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How Often Do Veins Fade After Pregnancy?

Is there any truth to the claim that spider veins can fade by on their own around two to three months after giving birth? How long should I wait after pregnancy to have sclerotherapy?

Doctor Answers (7)

Give it time.

+1

Many changes occur during pregnancy including hormonal and increased volume as well as the pressure of the developing fetus on the pelvic veins. This results in stretching of the venous valves leading to increased venous back pressure and resultant stretching (refluxing) of the venous valves leading to spider and possibly varicose veins. It takes anywhere from 3 to 6 months post delivery for these changes to resolve and longer if breastfeeding. In addition, the valves may permanently malfunction. Prior to any treatment for the veins you should have a full venous evaluation with a reflux ultrasound. Your veins may resolve spontaneously but, if not, then see a vein specialist.


Naples General Surgeon
5.0 out of 5 stars 2 reviews

Varicose Veins After Delivering a Child

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The pregnancy state places undue pressure on the deep veins and central veins - vena cava and illiac veins in the pelvis. When there is venous insufficiency, this pressure from the enlarging uterus causes the valves at the level of the groin to leak - venous insufficiency - and as a result, varicose veins form. Also, there is 30% more intravascular volume due to water retenstion during the pregnancy state, so this also causes varicose veins to form and stay distended. Once this pressure is gone (with delivery) and you lose the weight from water retention, some of the varicose veins (some) will fade and most will get smaller. So, wait 3-6 months if you are not nursing, or wait until you are done nursing, to get evaluated for treatment.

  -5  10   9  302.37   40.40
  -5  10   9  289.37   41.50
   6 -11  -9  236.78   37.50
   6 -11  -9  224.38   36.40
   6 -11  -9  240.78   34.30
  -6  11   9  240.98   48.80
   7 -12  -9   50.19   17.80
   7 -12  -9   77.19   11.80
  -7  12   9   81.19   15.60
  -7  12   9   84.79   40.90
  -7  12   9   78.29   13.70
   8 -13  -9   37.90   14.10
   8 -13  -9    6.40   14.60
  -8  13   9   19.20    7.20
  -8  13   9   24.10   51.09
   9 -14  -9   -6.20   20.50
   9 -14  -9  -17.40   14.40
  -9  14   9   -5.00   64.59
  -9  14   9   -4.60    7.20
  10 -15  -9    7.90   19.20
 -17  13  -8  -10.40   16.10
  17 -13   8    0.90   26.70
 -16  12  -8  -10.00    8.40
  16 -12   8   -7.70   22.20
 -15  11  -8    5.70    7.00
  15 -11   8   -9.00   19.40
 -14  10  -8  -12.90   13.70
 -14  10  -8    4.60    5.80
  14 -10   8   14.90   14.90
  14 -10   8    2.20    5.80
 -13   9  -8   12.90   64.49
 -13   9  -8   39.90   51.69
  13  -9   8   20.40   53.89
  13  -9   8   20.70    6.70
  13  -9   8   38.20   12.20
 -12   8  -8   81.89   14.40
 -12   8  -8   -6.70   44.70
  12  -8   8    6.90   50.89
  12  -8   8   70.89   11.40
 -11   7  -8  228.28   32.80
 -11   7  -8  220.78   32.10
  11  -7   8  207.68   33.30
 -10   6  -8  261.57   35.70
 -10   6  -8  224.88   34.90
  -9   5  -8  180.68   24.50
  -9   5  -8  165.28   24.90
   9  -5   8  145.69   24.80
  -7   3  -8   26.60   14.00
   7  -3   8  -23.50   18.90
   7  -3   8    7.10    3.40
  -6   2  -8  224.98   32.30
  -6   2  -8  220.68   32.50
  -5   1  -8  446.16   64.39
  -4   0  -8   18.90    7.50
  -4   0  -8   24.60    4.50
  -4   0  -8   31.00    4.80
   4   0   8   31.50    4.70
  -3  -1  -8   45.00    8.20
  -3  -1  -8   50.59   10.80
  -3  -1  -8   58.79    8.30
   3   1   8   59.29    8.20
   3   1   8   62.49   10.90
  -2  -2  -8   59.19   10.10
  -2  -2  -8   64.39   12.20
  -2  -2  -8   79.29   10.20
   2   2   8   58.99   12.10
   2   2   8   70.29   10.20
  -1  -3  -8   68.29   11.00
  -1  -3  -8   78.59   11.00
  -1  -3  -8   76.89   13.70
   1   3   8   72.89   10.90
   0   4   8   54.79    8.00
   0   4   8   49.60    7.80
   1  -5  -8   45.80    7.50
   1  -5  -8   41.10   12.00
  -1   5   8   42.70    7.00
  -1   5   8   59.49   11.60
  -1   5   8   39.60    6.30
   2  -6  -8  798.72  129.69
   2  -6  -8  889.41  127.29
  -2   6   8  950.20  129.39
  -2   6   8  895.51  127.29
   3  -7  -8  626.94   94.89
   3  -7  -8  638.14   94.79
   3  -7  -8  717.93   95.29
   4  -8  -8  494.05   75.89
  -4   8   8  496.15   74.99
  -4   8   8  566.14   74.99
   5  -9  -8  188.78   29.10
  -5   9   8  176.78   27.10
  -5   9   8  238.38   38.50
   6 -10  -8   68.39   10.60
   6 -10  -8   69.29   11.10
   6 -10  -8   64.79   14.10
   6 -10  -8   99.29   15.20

There is no "hard data' about 'how often do veins fade after pregnancy'.

Hratch Karamanoukian, MD, FACS
Buffalo General Surgeon
4.5 out of 5 stars 5 reviews

Sclerotherapy

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It is difficult to know exactly when or if veins will improve after pregnancy.  I would encourage you to wait at least 6 months after pregnancy to try sclerotherapy.

Sam Naficy, MD
Seattle Facial Plastic Surgeon
5.0 out of 5 stars 132 reviews

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Treatment of spider and varicose veins after pregnancy

+1

Great questions. Veins do resolve after pregnancy because there is a hormonally-dependent association between spider veins and estrogen/progesterone.  This does not mean that you will not have any veins on the legs postpartum.  You may continue to have some veins that have progressed beyond the ability of the body to resolve them.  I would wait about 6 months after pregnancy to begin sclerotherapy or EVLT. 

Raffy Karamanoukian, MD, FACS
Los Angeles Plastic Surgeon
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Spider Veins Post Pregnancy

+1

It is always difficult to predict if the veins you have developed during pregnancy will resolve after.  In my opinion most always they do not go away and required treatment. 

Ideally, one should wait for 3-6 months post delivery to make the decision if they need sclerotherapy to address the problem areas and longer if breast feeding.

 

 

Victoria Karlinsky, MD
Manhattan General Surgeon
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Spider Veins Fading after Pregnancy

+1

Unfortunately there is no way to predict how long it will take for your spider veins to improve or even if they will improve after your pregnancy.  Some patients find that they get the most improvement after they are finished nursing, others have veins that persist indefinitely.  If you are considering sclerotherapy, please wait until you are done nursing.  If you elect not to nurse, wait at least three months to see if they start to improve on their own.

Sheri G. Feldman, MD
Beverly Hills Dermatologist
5.0 out of 5 stars 1 review

Spider veins

+1

Spider veins will not fade. Wait till you finish breast feeding then may have sclerotherapy for treatment

Samir Shureih, MD
Baltimore Plastic Surgeon

These answers are for educational purposes and should not be relied upon as a substitute for medical advice you may receive from your physician. If you have a medical emergency, please call 911. These answers do not constitute or initiate a patient/doctor relationship.